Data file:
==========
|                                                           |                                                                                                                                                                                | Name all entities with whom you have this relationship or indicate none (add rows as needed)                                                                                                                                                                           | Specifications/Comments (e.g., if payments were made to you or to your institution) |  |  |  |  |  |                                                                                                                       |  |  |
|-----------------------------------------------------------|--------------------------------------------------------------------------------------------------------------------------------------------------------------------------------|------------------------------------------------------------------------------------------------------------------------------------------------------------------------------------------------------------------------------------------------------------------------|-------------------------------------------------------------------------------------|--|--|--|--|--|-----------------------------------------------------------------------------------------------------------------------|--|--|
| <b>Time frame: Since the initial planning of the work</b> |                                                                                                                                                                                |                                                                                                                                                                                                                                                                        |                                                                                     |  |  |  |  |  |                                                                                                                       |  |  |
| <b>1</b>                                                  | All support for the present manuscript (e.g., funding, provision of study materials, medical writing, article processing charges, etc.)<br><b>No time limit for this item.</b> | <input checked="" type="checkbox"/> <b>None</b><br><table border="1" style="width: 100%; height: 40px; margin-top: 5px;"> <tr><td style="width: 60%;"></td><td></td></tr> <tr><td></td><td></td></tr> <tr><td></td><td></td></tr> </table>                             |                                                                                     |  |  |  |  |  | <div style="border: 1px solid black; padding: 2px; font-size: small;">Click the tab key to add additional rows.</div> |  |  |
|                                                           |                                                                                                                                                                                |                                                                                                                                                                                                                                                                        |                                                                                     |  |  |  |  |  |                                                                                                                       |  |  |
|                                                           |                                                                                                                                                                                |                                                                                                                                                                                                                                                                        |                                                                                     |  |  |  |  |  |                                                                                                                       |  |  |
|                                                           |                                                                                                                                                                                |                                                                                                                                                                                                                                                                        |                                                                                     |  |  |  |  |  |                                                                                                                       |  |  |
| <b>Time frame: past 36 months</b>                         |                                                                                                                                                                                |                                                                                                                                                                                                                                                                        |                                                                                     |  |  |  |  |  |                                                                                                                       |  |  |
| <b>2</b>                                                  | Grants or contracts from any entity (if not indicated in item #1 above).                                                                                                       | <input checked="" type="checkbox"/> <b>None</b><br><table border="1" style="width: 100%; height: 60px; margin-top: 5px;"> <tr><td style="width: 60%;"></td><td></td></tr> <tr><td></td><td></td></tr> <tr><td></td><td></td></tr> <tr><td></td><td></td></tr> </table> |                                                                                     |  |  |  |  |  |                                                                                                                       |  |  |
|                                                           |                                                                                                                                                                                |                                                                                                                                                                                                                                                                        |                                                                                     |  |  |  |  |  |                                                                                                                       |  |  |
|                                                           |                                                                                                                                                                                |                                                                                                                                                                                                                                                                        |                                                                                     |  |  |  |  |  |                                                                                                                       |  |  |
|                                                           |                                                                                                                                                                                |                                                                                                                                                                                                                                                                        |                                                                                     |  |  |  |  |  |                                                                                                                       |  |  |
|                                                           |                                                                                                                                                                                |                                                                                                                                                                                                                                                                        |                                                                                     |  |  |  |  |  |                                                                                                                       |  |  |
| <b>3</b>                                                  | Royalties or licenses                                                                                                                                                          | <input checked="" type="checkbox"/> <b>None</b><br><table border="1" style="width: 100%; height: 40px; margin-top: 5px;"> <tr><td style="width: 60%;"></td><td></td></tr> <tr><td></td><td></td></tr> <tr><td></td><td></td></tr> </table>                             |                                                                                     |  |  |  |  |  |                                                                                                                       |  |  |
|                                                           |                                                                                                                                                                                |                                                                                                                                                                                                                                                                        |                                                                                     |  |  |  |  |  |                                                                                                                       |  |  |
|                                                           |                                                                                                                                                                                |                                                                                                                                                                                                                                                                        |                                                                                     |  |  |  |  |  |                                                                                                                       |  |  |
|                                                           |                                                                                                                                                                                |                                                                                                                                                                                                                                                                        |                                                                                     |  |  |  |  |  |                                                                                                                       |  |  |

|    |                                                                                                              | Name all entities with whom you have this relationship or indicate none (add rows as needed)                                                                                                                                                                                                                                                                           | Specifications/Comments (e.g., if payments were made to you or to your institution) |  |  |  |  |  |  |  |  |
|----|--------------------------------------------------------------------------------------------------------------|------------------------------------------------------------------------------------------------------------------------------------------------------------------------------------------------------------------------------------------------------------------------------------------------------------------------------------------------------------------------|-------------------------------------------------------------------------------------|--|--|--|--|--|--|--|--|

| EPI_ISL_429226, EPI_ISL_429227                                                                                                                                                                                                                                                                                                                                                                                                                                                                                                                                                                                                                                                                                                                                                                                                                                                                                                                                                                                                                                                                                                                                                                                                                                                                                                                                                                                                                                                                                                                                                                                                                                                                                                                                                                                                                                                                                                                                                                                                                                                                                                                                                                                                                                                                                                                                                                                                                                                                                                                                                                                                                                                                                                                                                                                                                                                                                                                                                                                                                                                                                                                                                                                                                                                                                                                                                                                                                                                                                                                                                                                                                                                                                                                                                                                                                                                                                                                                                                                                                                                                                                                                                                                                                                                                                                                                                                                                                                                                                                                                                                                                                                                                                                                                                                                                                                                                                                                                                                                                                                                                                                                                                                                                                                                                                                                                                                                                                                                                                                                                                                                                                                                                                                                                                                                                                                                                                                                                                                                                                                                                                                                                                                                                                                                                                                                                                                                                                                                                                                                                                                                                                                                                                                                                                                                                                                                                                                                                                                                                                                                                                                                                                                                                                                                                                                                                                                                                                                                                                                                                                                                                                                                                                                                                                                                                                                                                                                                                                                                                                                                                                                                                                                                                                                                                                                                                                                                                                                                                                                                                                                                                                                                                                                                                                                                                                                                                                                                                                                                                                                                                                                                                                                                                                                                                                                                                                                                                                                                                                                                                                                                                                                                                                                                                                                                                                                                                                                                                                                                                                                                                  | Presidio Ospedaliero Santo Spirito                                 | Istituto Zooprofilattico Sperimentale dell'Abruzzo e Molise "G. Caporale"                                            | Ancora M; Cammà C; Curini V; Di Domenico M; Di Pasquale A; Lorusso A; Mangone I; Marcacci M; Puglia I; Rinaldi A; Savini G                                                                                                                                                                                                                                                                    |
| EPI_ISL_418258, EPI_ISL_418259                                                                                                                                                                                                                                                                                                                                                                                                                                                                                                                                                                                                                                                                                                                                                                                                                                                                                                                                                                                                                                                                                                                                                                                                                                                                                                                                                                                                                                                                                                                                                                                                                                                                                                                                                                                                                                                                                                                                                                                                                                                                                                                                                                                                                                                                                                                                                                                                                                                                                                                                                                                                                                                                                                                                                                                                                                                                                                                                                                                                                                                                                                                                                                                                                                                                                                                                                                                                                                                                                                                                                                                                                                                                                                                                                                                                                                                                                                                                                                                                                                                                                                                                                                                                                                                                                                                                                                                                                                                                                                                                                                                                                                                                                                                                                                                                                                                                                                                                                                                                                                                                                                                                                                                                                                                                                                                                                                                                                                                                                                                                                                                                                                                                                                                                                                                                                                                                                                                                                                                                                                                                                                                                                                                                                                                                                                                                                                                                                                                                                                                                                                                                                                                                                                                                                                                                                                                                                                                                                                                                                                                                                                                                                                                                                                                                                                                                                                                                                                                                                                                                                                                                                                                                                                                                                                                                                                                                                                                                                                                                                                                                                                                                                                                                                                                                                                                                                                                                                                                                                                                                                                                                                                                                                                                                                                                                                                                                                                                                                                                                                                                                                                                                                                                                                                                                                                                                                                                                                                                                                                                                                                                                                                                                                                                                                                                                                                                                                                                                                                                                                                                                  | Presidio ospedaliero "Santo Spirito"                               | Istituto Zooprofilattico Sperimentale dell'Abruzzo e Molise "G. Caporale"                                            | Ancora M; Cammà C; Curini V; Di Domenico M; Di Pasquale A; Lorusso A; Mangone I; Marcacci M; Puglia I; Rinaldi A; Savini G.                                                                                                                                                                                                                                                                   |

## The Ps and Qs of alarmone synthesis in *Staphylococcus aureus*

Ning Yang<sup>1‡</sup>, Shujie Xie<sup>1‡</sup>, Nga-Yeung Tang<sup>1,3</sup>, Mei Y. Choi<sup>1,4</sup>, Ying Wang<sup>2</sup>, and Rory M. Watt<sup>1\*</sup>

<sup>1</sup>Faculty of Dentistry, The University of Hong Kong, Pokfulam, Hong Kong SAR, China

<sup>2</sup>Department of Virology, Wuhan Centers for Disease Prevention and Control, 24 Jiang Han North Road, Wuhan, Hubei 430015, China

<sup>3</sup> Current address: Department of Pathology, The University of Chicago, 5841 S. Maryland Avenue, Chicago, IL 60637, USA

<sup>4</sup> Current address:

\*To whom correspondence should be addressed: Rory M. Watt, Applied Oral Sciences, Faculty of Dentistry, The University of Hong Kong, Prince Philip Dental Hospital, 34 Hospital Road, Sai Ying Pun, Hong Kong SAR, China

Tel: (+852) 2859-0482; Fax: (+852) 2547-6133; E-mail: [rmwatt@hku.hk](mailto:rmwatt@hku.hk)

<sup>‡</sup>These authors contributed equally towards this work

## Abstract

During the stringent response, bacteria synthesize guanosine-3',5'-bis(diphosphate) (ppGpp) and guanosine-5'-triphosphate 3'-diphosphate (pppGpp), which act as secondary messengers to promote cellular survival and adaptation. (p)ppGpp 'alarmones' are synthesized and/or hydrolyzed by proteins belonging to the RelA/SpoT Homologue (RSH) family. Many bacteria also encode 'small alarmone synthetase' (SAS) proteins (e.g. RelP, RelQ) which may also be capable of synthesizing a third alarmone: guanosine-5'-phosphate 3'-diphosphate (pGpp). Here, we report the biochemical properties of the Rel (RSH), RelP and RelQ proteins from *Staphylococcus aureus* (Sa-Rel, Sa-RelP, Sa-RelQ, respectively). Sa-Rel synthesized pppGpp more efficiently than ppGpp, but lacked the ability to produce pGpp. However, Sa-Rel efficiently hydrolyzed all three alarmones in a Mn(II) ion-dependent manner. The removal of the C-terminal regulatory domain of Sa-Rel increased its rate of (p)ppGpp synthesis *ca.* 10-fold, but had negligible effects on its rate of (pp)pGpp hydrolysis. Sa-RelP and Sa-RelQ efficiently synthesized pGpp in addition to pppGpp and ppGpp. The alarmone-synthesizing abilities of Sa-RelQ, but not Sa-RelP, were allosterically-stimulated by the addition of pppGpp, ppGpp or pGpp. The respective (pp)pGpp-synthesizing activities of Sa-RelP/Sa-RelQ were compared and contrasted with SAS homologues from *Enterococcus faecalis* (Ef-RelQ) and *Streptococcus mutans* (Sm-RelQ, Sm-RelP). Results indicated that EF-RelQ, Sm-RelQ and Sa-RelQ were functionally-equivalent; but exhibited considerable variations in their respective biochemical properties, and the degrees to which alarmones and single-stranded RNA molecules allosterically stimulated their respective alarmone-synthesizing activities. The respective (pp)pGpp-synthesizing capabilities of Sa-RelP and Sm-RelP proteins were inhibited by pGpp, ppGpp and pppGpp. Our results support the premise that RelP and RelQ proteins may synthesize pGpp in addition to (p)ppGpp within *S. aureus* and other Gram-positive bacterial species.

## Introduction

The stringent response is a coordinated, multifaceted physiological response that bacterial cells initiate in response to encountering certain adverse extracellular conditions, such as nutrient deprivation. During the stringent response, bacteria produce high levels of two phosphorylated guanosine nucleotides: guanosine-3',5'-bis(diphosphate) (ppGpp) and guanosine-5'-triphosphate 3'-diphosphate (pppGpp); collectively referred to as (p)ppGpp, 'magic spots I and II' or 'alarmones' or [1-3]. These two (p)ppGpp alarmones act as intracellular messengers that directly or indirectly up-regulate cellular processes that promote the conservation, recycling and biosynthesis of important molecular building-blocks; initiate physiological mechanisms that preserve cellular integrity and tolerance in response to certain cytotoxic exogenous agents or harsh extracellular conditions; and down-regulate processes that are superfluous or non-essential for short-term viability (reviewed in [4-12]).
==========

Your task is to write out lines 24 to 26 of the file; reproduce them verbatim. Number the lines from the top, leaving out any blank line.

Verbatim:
<sup>1</sup>Faculty of Dentistry, The University of Hong Kong, Pokfulam, Hong Kong SAR, China

<sup>2</sup>Department of Virology, Wuhan Centers for Disease Prevention and Control, 24 Jiang Han North Road, Wuhan, Hubei 430015, China

<sup>3</sup> Current address: Department of Pathology, The University of Chicago, 5841 S. Maryland Avenue, Chicago, IL 60637, USA